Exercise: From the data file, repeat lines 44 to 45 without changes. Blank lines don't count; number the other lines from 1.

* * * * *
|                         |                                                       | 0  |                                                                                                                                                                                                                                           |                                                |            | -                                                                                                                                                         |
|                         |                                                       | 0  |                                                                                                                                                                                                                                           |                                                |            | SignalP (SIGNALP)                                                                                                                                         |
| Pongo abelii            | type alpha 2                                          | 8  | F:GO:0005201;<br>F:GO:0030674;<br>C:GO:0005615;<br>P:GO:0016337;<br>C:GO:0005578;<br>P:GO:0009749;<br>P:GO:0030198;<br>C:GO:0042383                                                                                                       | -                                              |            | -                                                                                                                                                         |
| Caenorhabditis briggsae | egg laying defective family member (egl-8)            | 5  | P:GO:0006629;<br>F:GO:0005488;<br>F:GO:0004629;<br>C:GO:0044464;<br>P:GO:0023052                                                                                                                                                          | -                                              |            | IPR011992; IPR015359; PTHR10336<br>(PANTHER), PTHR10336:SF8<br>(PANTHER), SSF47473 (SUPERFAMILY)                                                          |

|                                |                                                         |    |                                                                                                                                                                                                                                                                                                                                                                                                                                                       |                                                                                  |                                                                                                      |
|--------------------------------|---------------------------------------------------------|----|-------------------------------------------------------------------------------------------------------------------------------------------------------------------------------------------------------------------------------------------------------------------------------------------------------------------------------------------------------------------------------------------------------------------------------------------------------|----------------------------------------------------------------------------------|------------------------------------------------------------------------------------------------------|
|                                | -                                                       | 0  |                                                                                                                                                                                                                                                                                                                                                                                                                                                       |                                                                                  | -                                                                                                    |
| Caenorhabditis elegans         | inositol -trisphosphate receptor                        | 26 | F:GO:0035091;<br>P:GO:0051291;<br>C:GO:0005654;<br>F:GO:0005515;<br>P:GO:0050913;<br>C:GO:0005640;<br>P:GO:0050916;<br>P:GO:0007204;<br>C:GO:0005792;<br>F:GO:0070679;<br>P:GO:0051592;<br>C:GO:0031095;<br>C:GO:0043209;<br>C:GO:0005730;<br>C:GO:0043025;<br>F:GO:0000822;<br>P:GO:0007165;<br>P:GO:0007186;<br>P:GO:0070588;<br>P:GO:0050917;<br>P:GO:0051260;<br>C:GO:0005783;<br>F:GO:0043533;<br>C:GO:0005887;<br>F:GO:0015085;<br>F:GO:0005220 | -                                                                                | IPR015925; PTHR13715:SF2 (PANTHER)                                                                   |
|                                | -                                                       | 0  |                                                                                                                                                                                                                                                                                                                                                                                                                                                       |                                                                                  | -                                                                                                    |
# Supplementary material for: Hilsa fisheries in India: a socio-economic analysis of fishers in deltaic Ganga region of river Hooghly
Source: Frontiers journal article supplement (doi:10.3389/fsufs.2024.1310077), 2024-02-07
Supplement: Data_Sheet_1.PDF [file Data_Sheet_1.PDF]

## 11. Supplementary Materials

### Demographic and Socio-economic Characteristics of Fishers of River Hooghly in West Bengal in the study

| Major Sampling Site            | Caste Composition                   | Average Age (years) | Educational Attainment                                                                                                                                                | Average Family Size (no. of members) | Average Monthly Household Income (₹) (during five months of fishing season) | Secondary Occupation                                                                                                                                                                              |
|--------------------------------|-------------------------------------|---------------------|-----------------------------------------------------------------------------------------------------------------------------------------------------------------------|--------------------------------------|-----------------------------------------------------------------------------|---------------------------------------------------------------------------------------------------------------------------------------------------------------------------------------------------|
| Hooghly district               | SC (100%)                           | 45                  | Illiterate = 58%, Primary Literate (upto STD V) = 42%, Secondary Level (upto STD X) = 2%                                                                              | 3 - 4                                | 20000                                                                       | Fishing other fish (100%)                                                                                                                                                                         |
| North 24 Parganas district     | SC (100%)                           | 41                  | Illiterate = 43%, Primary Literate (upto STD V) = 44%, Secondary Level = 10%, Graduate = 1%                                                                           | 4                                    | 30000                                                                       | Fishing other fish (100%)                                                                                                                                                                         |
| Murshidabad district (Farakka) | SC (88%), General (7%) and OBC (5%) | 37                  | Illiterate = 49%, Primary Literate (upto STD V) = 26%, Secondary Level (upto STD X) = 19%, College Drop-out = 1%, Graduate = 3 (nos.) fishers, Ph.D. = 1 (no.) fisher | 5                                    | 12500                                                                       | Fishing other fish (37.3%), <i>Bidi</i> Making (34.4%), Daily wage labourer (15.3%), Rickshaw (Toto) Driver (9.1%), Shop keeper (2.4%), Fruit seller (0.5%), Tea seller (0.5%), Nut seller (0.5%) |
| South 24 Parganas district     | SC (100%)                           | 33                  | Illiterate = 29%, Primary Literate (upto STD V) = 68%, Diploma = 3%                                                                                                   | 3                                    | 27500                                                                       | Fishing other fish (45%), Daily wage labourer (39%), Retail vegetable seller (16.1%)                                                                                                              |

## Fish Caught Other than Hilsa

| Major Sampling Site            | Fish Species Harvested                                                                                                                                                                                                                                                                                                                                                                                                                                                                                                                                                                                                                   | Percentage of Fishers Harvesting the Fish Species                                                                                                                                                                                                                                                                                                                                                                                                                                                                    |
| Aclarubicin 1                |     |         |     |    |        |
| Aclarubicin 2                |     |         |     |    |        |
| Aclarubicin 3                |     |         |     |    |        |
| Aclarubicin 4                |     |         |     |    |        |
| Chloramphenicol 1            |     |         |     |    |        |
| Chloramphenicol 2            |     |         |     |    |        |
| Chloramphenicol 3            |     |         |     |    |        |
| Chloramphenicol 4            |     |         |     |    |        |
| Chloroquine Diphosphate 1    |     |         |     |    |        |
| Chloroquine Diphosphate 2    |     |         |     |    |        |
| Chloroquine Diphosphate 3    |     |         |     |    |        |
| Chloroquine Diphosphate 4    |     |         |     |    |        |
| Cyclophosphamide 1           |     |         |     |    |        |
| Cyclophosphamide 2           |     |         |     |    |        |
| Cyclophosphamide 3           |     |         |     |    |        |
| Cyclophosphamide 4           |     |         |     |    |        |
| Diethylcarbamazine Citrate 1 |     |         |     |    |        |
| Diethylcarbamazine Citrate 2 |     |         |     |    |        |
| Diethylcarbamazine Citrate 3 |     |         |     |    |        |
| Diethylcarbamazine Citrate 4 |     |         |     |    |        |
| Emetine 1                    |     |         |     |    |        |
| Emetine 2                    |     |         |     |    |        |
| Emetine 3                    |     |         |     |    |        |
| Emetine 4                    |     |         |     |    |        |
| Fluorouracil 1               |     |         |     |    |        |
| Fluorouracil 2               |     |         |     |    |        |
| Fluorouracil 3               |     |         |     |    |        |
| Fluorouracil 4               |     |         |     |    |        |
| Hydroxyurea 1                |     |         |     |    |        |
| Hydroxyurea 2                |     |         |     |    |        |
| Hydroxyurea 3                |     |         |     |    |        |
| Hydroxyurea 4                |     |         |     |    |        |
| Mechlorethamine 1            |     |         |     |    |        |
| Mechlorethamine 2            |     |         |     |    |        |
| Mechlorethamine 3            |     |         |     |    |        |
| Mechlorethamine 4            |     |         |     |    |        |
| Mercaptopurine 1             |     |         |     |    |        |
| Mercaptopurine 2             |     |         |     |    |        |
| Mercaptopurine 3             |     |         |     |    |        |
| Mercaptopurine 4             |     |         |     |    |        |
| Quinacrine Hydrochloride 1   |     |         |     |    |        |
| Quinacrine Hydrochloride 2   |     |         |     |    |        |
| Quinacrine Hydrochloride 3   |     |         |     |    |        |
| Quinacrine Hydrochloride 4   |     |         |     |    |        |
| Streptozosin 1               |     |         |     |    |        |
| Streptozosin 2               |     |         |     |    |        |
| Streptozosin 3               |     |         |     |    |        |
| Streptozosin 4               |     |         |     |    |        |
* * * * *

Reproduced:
| Emetine 2                    |     |         |     |    |        |
| Emetine 3                    |     |         |     |    |        |